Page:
Volume 6 No. 1, Fairbanks-Morse Cinder Conveyor

The S Scale Journal

The Online Journal of the S Scale SIG
Volume 6 No. 1, December 3, 2017

Fairbanks-Morse Cinder Conveyor

by Chris Rooney

Many Chesapeake and Ohio fans are especially drawn to both the operations and the structures at Hinton, West Virginia. In addition to the obvious coaling tower and the many smaller service structures, the Fairbanks-Morse cinder conveyer really stands out. A cinder conveyer is an interesting structure typical of steam engine facilities before and during the transition era. Steam locomotives dumped the cinders and ashes from their ash pans into a large bucket at the bottom of an ash pit. A hoist house at the top of the structure conveys the bucket out of the pit and up the structure along the sloping guides, where the bucket waits for a hopper car or gondola into which to dump its contents.

William E. Simonton of Virginia happens to be a skilled architectural and mechanical draftsman who has become the go-to source for many items of interest to Chesapeake and Ohio fans, especially the structures at Hinton. Mr. Simonton makes these available on his Shapeways site as 3D printed structures under the shop name ClimaxShop, Hinton (https://www.shapeways.com/product/2PLTQY48Q/s-fairbanks-morse-cinder-conveyor-1-track-2-0?optionId=58728647). These are produced primarily in HO, but Mr. Simonton allowed me to prevail on him to produce both the single and double track versions of the F-M cinder conveyers in S. (He also produces a standard C&O tool house in S and the gables standard to the C&O’s iconic Quinnemont cabin and Marlinton type station in S.)

Right out of the box this entire structure is printed in one piece. It has only to be washed with a mild solvent to remove any residual printing support wax and painted. For this purpose I used VM Naphtha and then painted with quality fast-drying flat black enamel. Reproduction of details is excellent, with the spaces between the spokes of sheaves fully evident, for example, and every piece and plate on the prototype is reproduced. There are inherent limitations to 3D printing though. These mainly occur in large flat surfaces that may show tiny steps or ridges as they are printed. These are not objectionable on the model I purchased and, once weathered, hardly noticeable.

Figure 2 –

Of course the units are not rigged with the cables that raise and lower the bucket, which is printed in the raised position to be visible and to support the somewhat frail superstructure. Therein lies the rub, because the available pictures and drawings do not do justice to the cabling. Fortunately, using a series of photos and the drawings in the F-M catalogue, we were able to work out the cabling which was continuously wound on a drum in the hoist house. As an assist, I will show here how I believe the cabling was arranged in a series of photos with overlays.

The first order of business is to detach the weight with sheave from the front tie bar, as it will go on the main left rear “I-beam” column of the structure when facing the three windows (Figure 5) in the hoist house. See Figure 4.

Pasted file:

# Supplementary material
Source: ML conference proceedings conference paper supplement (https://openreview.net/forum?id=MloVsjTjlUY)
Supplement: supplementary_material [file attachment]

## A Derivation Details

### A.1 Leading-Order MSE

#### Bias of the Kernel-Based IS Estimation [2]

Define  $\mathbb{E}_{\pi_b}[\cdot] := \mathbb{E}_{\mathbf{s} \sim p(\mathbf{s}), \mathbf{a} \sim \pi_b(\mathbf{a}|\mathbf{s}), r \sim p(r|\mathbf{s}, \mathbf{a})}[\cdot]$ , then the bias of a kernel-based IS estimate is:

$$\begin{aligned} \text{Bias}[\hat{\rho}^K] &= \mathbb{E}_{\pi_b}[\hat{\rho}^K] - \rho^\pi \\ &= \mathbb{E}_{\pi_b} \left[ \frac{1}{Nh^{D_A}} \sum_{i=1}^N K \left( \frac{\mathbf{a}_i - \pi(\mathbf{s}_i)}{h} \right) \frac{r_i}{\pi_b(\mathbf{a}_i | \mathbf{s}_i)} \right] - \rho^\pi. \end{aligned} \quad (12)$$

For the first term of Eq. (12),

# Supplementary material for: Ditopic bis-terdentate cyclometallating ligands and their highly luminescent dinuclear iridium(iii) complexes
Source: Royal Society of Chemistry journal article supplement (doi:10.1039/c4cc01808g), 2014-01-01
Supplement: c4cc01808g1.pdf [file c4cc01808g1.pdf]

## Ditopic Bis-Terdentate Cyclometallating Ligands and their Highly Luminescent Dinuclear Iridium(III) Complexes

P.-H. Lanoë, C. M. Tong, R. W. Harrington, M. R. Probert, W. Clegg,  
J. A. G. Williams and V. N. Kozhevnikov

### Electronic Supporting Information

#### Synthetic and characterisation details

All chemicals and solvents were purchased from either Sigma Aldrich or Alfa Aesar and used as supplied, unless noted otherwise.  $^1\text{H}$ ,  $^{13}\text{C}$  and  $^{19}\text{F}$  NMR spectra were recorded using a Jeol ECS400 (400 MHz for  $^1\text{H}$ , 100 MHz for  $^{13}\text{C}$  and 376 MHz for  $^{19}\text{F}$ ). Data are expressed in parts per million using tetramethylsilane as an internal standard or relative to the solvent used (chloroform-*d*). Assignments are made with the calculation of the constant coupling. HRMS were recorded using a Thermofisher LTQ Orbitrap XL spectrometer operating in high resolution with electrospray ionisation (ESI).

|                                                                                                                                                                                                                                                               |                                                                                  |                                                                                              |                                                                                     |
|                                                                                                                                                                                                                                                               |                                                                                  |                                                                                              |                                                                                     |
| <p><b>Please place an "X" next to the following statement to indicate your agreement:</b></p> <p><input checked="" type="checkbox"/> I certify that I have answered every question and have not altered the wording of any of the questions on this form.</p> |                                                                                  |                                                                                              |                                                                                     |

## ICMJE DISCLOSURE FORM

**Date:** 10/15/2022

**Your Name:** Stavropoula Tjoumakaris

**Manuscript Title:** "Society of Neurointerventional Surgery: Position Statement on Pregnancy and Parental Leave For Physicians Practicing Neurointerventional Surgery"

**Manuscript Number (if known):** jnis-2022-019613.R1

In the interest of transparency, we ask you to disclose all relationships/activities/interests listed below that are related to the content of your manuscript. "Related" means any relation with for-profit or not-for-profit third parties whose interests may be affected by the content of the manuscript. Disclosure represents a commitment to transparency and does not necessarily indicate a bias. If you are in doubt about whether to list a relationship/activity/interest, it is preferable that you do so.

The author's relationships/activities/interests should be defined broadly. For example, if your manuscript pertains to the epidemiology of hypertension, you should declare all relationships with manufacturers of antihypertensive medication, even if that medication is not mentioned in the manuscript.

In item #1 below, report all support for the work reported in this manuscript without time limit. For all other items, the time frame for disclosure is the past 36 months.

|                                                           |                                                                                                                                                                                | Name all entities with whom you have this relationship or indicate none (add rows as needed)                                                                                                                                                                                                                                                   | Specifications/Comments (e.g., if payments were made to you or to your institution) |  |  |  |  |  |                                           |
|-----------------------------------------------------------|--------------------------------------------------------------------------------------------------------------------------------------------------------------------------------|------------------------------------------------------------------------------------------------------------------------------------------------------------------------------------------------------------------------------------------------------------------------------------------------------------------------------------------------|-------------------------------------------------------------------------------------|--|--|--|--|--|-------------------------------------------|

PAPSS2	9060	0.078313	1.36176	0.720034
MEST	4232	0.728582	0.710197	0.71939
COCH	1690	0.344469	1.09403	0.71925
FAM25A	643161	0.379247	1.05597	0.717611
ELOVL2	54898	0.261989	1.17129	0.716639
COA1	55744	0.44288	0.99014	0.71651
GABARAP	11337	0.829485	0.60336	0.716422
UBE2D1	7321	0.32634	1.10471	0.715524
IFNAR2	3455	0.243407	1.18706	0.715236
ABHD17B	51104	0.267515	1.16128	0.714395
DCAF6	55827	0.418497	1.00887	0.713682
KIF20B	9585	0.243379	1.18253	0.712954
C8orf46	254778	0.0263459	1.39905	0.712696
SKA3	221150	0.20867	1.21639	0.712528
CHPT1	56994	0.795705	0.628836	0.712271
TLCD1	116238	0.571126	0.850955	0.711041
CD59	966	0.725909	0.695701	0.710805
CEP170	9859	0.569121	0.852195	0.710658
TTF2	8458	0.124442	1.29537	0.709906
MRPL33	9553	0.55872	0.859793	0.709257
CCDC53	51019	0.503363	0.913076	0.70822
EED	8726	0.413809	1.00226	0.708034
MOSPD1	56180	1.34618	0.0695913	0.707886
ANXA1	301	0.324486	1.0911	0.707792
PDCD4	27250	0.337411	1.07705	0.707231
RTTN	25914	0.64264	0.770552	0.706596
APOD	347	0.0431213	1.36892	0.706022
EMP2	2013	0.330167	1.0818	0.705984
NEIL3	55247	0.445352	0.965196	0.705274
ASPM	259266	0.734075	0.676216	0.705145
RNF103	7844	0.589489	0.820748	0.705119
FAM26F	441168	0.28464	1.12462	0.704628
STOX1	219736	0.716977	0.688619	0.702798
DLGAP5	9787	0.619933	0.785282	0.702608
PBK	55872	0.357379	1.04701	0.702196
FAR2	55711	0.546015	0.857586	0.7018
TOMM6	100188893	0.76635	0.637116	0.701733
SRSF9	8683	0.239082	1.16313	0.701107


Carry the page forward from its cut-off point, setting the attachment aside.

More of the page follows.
Figure 3 –

My first rigging step was to attach the draw line, made from clear 15-pound nylon fishing line, from the hoist house front wall slit through the platform and into the indent in the top bucket drawbar. See red lines in Figure 3.

The second step is to attach the orange return line to the bottom bucket drawbar and then run it to the middle, slightly canted, pulley, the leftmost of the three P’s in Figure 4.

Figure 4 –

Next I attached the weight and sheave to the I-beam in approximately the position shown in Figure 2 when the bucket is raised, so then when it is lowered this counterweight keeps tension on the cables. I glued it so that the 15-pound line could be pulled taught and glued into the sheave grooves.

Now it’s time to rig the return line that goes over the rightmost pulley in Figure 4 and across the front of the structure to the slightly canted pulley on the right and then descends into the ash pit on pulleys along the pit’s right wall. See Figure 5.

Figure 5 –

Mr. Simonton also supplies the exact dimensional pits for single and double tracks on his Shapeways site. However, my tracks had long been installed and were slightly off the proper centers to use his pits. I fashioned my own from scrap wood for the frame (Figure 3) and walks, and a formed metal bin between the rails over the bucket. Fine mesh screen was added on each side of the bin between the rails to simulate inward sloping pit extensions with a grating covering them. A typical railing and grate rakes were positioned opposite the structure. The prototype photo shows typical steam piping, lighting and tools found in these areas.

One word of caution is in order: the recommended Frosted Ultra Detail material takes acrylic and even fast-drying lacquer well and is easily glued with ACC. However, it is somewhat more brittle, for example, than styrene, I have taken special precaution not to permanently fix this model to the base because of its more fragile construction and because it is at the front of the layout.

Learn more about Hinton at the C&O Historical Society site at www.hinton.cohs.org.